First past the post has had a monopoly over the Canadian electoral landscape for our entire history basically.  Our largest city adopting an actual new voting system would break that monopoly and create a real world local example of an alternate voting system in practice.  It might just catch on provincially and federally!  It is incremental as it doesn't require a new governing system and the kind of thing people can adopt without the easy fear mongering of "endless minority governments" that say, proportional representation brings. 

It's also much further along politically than any other idea, it has momementum.  It just needs the Wynne government to keep their word, and the existing strong majority on council supporting it to be re-elected and stick to their guns (though a pro-IRV Mayor would make it a virtual lock). 

The best part for supporters of other systems is that IRV most likely makes your preferred system easier to implement.  Nothing is better for defending the status quo than FPTP, where people supporting the status quo can usually rally around a status quo candidate or party (typically conservatives) while proponents of "change" have a harder time uniting around some specific new thing to do. So long as ~40% want FPTP, if the other 60% can't assemble at least 41% in favour of one specific other thing, they'll divide among several and the status quo will win (see "divided left, the").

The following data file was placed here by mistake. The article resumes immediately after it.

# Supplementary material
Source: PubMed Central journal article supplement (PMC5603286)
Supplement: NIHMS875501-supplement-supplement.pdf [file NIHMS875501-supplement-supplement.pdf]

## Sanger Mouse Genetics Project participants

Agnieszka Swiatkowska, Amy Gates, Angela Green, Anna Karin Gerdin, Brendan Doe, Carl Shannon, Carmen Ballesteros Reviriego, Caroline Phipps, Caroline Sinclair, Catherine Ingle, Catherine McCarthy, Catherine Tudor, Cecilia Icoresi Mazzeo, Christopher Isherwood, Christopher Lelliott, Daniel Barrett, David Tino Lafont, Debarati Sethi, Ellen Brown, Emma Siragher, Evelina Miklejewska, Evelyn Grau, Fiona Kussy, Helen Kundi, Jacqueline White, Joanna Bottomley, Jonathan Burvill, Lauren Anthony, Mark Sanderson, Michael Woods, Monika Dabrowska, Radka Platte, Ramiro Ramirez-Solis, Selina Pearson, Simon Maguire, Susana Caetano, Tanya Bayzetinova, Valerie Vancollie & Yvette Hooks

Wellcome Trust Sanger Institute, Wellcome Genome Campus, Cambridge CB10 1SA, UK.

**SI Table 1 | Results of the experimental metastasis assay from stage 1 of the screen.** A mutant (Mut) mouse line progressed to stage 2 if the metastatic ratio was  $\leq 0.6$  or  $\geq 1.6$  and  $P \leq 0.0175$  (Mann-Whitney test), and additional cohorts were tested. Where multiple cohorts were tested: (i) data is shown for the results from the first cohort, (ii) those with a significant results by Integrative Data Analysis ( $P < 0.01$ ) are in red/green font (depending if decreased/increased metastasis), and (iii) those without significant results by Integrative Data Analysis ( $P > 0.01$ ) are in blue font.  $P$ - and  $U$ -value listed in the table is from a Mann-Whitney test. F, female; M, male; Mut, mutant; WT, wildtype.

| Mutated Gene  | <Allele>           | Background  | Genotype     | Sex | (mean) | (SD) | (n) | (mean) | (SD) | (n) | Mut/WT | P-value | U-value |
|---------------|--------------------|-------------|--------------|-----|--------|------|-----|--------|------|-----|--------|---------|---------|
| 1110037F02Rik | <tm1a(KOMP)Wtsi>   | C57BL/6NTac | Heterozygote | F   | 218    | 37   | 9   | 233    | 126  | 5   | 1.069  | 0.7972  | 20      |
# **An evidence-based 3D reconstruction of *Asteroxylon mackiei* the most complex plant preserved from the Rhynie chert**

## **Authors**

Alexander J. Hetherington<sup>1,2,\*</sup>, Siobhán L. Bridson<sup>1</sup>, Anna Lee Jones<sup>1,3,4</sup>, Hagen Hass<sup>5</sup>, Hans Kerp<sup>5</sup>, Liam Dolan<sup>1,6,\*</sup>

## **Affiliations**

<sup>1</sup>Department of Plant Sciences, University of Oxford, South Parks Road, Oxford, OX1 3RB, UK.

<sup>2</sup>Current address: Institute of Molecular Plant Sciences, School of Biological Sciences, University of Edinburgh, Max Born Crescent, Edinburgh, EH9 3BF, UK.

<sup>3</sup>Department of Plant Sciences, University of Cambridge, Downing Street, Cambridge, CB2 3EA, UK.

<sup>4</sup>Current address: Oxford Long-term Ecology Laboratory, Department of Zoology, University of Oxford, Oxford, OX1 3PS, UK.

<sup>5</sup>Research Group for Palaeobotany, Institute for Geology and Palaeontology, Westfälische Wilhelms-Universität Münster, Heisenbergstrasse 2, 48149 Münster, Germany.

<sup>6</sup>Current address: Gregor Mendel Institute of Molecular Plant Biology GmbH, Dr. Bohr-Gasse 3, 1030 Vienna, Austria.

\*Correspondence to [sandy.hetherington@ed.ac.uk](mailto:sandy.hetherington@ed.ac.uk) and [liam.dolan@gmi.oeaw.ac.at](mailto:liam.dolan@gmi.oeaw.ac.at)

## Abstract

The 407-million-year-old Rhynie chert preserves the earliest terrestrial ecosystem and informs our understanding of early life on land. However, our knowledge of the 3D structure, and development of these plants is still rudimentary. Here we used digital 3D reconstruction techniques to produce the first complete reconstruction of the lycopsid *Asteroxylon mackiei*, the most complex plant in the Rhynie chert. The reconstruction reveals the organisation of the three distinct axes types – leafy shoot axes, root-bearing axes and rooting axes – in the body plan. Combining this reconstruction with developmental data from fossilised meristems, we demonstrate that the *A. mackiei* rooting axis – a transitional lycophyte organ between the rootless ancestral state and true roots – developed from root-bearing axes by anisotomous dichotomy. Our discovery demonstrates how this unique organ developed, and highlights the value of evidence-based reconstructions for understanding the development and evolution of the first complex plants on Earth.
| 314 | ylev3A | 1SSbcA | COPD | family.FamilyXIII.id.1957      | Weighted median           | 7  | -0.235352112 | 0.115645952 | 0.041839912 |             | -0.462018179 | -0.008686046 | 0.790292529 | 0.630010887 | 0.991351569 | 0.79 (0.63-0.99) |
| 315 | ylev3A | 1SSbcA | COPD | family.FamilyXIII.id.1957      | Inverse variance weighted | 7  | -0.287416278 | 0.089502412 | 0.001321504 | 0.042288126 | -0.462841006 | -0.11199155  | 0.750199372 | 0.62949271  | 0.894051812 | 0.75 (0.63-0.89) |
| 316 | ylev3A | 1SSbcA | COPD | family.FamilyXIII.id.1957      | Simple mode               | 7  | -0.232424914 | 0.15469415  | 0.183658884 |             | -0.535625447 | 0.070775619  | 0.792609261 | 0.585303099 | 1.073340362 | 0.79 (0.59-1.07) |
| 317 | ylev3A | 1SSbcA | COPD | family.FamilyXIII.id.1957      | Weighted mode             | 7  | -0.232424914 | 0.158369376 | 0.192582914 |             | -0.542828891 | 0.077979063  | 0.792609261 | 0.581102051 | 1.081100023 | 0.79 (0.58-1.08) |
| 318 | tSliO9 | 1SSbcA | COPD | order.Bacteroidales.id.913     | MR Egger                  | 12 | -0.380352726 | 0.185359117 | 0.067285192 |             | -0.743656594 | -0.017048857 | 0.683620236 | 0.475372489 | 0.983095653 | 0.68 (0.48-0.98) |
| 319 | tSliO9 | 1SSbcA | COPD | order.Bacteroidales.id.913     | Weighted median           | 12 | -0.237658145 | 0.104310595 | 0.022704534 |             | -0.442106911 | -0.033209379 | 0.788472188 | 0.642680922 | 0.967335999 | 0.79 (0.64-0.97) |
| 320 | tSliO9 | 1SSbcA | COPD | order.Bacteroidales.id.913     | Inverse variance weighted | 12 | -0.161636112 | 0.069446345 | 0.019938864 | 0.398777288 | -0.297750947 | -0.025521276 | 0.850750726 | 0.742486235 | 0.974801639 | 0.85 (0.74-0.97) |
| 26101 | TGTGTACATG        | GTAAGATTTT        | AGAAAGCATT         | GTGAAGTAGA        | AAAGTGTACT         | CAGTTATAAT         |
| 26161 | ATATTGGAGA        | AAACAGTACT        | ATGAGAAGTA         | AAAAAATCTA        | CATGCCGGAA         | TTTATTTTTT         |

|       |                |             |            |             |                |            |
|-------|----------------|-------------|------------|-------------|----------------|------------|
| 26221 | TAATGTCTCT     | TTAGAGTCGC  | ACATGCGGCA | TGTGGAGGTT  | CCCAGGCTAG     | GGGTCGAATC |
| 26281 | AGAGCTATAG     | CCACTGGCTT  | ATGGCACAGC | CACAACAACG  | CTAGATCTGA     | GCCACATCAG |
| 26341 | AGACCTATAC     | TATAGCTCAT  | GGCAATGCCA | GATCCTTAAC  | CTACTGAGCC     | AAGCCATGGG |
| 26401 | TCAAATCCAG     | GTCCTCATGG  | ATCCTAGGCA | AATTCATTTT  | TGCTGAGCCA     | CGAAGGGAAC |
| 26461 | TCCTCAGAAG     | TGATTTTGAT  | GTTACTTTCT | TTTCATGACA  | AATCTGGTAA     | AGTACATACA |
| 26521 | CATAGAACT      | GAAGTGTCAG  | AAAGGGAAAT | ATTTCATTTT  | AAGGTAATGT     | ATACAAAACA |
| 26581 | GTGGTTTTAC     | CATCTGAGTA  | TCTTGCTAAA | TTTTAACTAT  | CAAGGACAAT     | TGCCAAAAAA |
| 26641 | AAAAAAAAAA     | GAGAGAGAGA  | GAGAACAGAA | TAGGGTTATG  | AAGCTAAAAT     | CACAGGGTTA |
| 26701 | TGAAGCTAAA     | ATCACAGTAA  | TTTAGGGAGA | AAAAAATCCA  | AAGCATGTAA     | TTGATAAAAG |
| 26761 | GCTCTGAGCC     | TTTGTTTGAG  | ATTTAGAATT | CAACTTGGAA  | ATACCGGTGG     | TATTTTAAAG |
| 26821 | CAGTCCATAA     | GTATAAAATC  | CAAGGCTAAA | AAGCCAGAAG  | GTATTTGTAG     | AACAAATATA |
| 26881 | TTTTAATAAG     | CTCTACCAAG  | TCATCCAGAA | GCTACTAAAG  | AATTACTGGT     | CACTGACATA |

This is a part of why referenda on major system changes typically fail: The status quo becomes the "safe" option and gets votes from many people who support some change, but not whatever specific change is on the ballot (like in the 2007 Ontario referendum on a new voting system). 

Under an IRV system, proponents of yet another system would have a better chance of winning support as voters could make candidates supporting their favourite alternate system their first choice.  Maybe some such candidates would win, and maybe others would see the idea was popular and adopt it.



What Do We Have To Lose?

Let's get on this, this is a generational opportunity to enact the kind of reform that makes many other reforms possible.  No, it's not a panacea, it doesn't fix all ills and frankly if we'd had this in 2010, it's probably that Rob Ford would have gotten at least 3% of the 2nd choice votes from Rossi & Pantalone to get over 50% and win anyway.  But it would ensure Doug Ford couldn't have won this time around with his ~35% voting ceiling and 65% of the city ready to evict all things Ford.  It would also ensure online favourites Goldkind and Baskin get a lot more votes than they will, and possibly would have averted the need for David Soknacki to take his name off the ballot (though he likely would still have suspended his largely self-funded campaign).  It would also affect a number of council races in every election.  Even if all you want to do is "shake things up" this is the best option on the horizon to do so.

For more, see the Toronto Ranked Ballotting Initiative website